Executors and Their Duties
There will be a time when you will need to decide who you should appoint as executor of your Will. As well, there may be a time when you will be asked by someone to act as the executor of his or her Will.
In either situation, it is important to be clear on the duties of an executor before making your decision. This article will briefly outline the basic premise behind having a Will, and will then explain in more detail what an executor is, the duties of an executor, and what factors need to be considered when choosing an executor.
What is an Executor?
An executor is someone appointed in a Will that is responsible for settling an individual’s estate after his or her death. An executor can be a person, one or more persons, or a trust company. An executor may also appoint a trust company to do the administrative work of an estate on his or her behalf. It would not be unusual to appoint your spouse as executor, however, it would be prudent to appoint an alternate executor in the event that your spouse is unable or unwilling to act. The duties of an executor can be demanding and time consuming. In addition to dealing with considerable paperwork, it may also mean having to cope with tax laws, inheritance laws, family property laws and court procedures. At the same time, the demands of beneficiaries may have to be addressed as well.
Duties of an Executor
The duties of an executor, if listed item by item, could take four or five type written pages to outline. For the purposes of what may be helpful for you to know in order to make an informed decision, the common duties are as follows:
· Locate the Will and contact all the beneficiaries
· Prepare an inventory of assets and liabilities forming the estate (assets must be listed by class with their value and full particulars noted which may involve arranging for appraisals of real estate or other personal property)
· Obtain last 6 years tax returns and prepare and file any T1 returns that were not previously filed within 6 months after the date of death
· Notify all relevant insurance, health and pension benefit providers and file related claims
· Complete application for probate and make provision for any fees that may be applicable (note: If the deceased owned property outside of Canada, the executor must also determine if there is a valid Will for the jurisdiction the property is in. If there is no such Will, the applicable legislation must be determined. Any foreign tax liability, irrespective of whether there is a Will in place or not, must be identified as well.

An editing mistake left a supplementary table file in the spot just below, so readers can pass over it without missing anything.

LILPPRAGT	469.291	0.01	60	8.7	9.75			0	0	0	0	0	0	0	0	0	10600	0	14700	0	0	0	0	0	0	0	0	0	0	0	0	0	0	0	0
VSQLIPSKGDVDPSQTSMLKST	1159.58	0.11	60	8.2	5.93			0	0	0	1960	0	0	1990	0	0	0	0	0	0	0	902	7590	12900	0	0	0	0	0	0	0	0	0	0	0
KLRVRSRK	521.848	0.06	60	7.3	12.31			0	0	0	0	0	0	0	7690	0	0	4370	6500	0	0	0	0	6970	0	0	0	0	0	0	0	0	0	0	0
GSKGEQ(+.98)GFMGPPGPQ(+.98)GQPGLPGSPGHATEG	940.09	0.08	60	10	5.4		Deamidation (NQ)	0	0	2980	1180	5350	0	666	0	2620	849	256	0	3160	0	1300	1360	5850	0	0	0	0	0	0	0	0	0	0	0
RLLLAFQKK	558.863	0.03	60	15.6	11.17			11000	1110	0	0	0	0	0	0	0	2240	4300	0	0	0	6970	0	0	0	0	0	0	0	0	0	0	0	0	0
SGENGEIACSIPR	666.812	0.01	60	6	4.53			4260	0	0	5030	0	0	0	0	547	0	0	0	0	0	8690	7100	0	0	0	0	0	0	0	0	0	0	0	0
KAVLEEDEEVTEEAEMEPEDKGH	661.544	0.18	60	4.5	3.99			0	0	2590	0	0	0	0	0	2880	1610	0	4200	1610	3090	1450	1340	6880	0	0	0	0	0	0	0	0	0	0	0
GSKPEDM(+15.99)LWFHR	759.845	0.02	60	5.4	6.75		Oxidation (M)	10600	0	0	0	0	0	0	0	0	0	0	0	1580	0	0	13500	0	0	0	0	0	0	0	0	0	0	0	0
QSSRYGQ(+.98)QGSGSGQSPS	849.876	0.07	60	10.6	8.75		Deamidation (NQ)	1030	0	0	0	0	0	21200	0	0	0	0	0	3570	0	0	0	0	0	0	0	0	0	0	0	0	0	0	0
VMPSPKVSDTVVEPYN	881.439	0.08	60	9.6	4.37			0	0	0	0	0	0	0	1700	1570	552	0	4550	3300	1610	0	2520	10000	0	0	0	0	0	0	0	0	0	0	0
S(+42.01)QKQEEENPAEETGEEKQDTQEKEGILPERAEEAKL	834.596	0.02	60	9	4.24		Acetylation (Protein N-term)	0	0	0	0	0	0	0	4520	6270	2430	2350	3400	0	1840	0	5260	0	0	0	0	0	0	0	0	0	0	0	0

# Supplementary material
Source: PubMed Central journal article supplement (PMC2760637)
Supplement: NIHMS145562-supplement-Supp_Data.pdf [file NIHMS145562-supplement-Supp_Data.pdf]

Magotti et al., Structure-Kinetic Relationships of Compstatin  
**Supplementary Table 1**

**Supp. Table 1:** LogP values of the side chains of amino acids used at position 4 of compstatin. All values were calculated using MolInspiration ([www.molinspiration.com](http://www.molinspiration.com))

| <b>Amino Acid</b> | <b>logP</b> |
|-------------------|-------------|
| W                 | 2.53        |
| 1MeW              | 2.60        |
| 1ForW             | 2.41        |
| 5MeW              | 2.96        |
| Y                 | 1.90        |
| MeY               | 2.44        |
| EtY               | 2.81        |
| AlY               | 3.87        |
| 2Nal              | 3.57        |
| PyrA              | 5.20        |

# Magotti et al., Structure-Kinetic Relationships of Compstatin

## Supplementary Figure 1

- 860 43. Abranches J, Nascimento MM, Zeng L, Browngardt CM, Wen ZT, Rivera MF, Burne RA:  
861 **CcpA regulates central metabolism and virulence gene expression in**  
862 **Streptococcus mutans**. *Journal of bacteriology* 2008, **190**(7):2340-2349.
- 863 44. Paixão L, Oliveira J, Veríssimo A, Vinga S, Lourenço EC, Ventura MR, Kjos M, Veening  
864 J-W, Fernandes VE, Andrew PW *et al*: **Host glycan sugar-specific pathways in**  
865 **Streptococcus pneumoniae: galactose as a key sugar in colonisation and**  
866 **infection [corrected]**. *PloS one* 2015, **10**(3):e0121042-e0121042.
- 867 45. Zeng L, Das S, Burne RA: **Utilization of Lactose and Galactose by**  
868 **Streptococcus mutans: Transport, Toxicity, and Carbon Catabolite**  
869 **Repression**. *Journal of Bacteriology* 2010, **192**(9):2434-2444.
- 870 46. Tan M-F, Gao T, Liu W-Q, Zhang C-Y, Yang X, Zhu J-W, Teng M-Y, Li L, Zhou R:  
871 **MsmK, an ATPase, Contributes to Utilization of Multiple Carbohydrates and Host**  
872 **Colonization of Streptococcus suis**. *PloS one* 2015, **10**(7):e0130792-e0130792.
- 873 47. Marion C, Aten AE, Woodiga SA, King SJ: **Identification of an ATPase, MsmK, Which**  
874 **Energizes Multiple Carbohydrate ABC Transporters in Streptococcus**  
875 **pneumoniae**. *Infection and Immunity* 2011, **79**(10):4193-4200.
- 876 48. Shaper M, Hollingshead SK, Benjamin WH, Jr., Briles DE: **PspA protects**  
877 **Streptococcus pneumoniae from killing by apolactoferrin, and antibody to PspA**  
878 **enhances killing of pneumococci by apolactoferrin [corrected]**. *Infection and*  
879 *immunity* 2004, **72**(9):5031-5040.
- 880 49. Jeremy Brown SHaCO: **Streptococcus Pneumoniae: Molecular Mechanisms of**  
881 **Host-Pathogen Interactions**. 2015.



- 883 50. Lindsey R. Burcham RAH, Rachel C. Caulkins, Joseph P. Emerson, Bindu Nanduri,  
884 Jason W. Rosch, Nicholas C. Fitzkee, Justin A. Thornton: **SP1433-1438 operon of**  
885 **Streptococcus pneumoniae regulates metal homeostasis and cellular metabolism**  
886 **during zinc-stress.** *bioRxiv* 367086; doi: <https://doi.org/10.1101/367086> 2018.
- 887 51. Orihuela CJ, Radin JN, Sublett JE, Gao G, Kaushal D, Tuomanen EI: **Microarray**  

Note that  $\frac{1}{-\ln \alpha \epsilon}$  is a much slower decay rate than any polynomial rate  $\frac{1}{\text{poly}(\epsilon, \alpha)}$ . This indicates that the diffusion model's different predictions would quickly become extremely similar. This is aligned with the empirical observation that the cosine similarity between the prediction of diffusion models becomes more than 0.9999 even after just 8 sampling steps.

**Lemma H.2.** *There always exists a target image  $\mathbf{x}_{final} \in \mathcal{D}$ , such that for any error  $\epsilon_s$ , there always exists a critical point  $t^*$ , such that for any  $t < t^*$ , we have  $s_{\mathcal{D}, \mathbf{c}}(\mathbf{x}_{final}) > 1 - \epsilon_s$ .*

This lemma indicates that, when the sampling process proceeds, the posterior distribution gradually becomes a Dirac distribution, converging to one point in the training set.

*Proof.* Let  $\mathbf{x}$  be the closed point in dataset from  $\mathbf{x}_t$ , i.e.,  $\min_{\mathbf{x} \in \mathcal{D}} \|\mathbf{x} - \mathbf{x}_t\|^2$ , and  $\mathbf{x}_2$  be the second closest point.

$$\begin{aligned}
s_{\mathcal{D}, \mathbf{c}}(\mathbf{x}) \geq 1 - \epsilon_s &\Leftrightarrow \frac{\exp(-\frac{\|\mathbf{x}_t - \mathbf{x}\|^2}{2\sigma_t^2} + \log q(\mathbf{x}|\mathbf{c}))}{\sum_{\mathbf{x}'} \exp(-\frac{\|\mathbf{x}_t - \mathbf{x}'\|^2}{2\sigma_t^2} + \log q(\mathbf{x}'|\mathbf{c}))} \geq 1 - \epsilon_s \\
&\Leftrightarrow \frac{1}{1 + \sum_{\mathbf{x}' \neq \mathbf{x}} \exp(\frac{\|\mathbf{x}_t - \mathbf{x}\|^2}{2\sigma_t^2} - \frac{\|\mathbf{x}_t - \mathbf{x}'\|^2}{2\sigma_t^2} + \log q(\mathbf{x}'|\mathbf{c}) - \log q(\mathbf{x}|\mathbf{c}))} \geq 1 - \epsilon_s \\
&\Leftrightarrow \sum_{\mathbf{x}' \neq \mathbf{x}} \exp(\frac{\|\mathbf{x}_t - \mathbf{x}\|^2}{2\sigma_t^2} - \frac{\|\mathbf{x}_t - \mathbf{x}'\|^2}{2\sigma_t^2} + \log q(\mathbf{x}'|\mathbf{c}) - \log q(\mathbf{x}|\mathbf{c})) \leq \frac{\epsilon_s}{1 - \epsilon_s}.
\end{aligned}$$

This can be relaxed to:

· Review the Will and determine an appropriate plan for the distribution of assets to beneficiaries
· File a Terminal T1 tax return and any other returns with Canada Customs and Revenue Agency and request a Clearance Certificate (note: Terminal period returns must be filed by April 30th of the year following the date of death, or by 6 months from the date of death, whichever is later.)
· Review post-mortem tax planning opportunities, i.e. spousal trusts, income splitting opportunities, unused expenses etc.
· Advertise for creditors and settle all claims and debts
· Prepare accounts for passing of assets and write to beneficiaries for approval
· Distribute assets to beneficiaries with a final report on all aspects of administration
One more thing to consider in this decision is the fact that an executor is dealing with the principles of common law and, in so far as he or she is in breach of trust, is liable for any mistakes or errors that may occur.
Selecting an Executor
If you appoint an individual as your executor you need to consider someone who has the ability to successfully complete all the related duties. You may also want to consider an individual who will be sensitive to the needs of your family. It is also wise to consider that when appointing an individual, he or she could predecease you. Unless you remember to update your Will, there would not be a valid executor at your death in this situation.
For these reasons you may want to consider appointing a trust company to act as your executor. These companies have the expertise to handle the duties and are “perpetual” so you need not worry if they will be there at your death.
Any executor may charge up to 5% in fees. This fee can be charged against the gross value of the assets that comprise your estate. This is the maximum amount as set out in the Trustees Act. However, most trust companies will negotiate the actual amount charged, and it will likely be determined by the size of the estate, its complexity and the success the executor has in settling it.
Making an Informed Decision
As you can see, there are many factors to consider when determining whether to appoint an individual or a trust company as your executor (and when determining whether or not to accept to act as an executor yourself). As long as you are aware of the complexities and duties that can be involved, your final decision will at least be an informed one.